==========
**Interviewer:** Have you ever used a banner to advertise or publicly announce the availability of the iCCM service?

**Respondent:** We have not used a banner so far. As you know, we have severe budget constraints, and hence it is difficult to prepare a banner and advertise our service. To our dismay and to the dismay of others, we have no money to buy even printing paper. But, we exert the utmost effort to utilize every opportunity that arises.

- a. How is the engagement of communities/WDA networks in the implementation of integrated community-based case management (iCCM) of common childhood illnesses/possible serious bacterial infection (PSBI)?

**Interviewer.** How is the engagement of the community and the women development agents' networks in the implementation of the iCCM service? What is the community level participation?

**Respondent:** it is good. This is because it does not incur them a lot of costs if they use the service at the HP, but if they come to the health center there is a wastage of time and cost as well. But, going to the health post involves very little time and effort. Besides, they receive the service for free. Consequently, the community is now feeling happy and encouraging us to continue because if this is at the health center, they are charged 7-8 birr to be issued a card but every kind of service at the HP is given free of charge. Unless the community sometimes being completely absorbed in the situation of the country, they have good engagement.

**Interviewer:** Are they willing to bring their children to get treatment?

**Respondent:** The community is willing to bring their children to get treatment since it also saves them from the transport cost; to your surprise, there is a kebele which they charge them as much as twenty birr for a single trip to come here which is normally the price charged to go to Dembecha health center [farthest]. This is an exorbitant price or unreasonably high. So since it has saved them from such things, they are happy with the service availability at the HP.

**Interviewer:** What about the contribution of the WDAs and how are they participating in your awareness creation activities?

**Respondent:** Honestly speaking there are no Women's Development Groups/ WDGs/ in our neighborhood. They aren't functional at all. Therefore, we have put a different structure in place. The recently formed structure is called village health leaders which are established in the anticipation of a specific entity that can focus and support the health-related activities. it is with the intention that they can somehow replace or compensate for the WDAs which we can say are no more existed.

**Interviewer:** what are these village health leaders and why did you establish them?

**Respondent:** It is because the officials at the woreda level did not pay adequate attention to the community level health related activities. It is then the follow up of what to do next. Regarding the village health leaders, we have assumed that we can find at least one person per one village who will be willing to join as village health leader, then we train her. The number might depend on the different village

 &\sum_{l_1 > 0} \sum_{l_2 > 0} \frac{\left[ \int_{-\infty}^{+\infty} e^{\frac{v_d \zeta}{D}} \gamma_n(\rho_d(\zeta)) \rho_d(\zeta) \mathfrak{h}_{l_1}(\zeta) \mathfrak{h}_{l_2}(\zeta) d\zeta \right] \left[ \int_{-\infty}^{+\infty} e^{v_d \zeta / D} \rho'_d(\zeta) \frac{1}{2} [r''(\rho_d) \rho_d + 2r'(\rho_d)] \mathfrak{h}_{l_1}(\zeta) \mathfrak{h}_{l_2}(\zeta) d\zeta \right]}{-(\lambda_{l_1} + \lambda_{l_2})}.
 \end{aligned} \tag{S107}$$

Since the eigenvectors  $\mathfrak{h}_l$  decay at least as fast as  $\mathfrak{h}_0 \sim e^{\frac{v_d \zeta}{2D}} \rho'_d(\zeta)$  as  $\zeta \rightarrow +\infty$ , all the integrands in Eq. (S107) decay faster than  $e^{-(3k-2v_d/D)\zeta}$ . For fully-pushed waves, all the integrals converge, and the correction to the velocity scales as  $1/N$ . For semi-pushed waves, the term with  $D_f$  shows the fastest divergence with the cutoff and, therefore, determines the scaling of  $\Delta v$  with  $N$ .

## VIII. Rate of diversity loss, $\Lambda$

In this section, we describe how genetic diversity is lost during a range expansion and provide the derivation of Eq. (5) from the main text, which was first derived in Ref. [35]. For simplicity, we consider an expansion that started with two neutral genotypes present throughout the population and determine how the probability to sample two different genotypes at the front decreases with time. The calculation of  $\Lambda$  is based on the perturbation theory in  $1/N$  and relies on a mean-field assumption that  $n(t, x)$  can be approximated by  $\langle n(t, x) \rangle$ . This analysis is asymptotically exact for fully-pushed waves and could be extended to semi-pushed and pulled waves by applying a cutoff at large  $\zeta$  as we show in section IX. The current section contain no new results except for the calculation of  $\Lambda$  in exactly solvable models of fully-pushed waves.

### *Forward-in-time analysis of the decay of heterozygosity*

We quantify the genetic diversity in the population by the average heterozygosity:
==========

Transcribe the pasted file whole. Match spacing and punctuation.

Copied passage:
**Interviewer:** Have you ever used a banner to advertise or publicly announce the availability of the iCCM service?

**Respondent:** We have not used a banner so far. As you know, we have severe budget constraints, and hence it is difficult to prepare a banner and advertise our service. To our dismay and to the dismay of others, we have no money to buy even printing paper. But, we exert the utmost effort to utilize every opportunity that arises.

- a. How is the engagement of communities/WDA networks in the implementation of integrated community-based case management (iCCM) of common childhood illnesses/possible serious bacterial infection (PSBI)?

**Interviewer.** How is the engagement of the community and the women development agents' networks in the implementation of the iCCM service? What is the community level participation?

**Respondent:** it is good. This is because it does not incur them a lot of costs if they use the service at the HP, but if they come to the health center there is a wastage of time and cost as well. But, going to the health post involves very little time and effort. Besides, they receive the service for free. Consequently, the community is now feeling happy and encouraging us to continue because if this is at the health center, they are charged 7-8 birr to be issued a card but every kind of service at the HP is given free of charge. Unless the community sometimes being completely absorbed in the situation of the country, they have good engagement.

**Interviewer:** Are they willing to bring their children to get treatment?

**Respondent:** The community is willing to bring their children to get treatment since it also saves them from the transport cost; to your surprise, there is a kebele which they charge them as much as twenty birr for a single trip to come here which is normally the price charged to go to Dembecha health center [farthest]. This is an exorbitant price or unreasonably high. So since it has saved them from such things, they are happy with the service availability at the HP.

**Interviewer:** What about the contribution of the WDAs and how are they participating in your awareness creation activities?

**Respondent:** Honestly speaking there are no Women's Development Groups/ WDGs/ in our neighborhood. They aren't functional at all. Therefore, we have put a different structure in place. The recently formed structure is called village health leaders which are established in the anticipation of a specific entity that can focus and support the health-related activities. it is with the intention that they can somehow replace or compensate for the WDAs which we can say are no more existed.

**Interviewer:** what are these village health leaders and why did you establish them?

**Respondent:** It is because the officials at the woreda level did not pay adequate attention to the community level health related activities. It is then the follow up of what to do next. Regarding the village health leaders, we have assumed that we can find at least one person per one village who will be willing to join as village health leader, then we train her. The number might depend on the different village

 &\sum_{l_1 > 0} \sum_{l_2 > 0} \frac{\left[ \int_{-\infty}^{+\infty} e^{\frac{v_d \zeta}{D}} \gamma_n(\rho_d(\zeta)) \rho_d(\zeta) \mathfrak{h}_{l_1}(\zeta) \mathfrak{h}_{l_2}(\zeta) d\zeta \right] \left[ \int_{-\infty}^{+\infty} e^{v_d \zeta / D} \rho'_d(\zeta) \frac{1}{2} [r''(\rho_d) \rho_d + 2r'(\rho_d)] \mathfrak{h}_{l_1}(\zeta) \mathfrak{h}_{l_2}(\zeta) d\zeta \right]}{-(\lambda_{l_1} + \lambda_{l_2})}.
 \end{aligned} \tag{S107}$$

Since the eigenvectors  $\mathfrak{h}_l$  decay at least as fast as  $\mathfrak{h}_0 \sim e^{\frac{v_d \zeta}{2D}} \rho'_d(\zeta)$  as  $\zeta \rightarrow +\infty$ , all the integrands in Eq. (S107) decay faster than  $e^{-(3k-2v_d/D)\zeta}$ . For fully-pushed waves, all the integrals converge, and the correction to the velocity scales as  $1/N$ . For semi-pushed waves, the term with  $D_f$  shows the fastest divergence with the cutoff and, therefore, determines the scaling of  $\Delta v$  with  $N$ .

## VIII. Rate of diversity loss, $\Lambda$

In this section, we describe how genetic diversity is lost during a range expansion and provide the derivation of Eq. (5) from the main text, which was first derived in Ref. [35]. For simplicity, we consider an expansion that started with two neutral genotypes present throughout the population and determine how the probability to sample two different genotypes at the front decreases with time. The calculation of  $\Lambda$  is based on the perturbation theory in  $1/N$  and relies on a mean-field assumption that  $n(t, x)$  can be approximated by  $\langle n(t, x) \rangle$ . This analysis is asymptotically exact for fully-pushed waves and could be extended to semi-pushed and pulled waves by applying a cutoff at large  $\zeta$  as we show in section IX. The current section contain no new results except for the calculation of  $\Lambda$  in exactly solvable models of fully-pushed waves.

### *Forward-in-time analysis of the decay of heterozygosity*

We quantify the genetic diversity in the population by the average heterozygosity: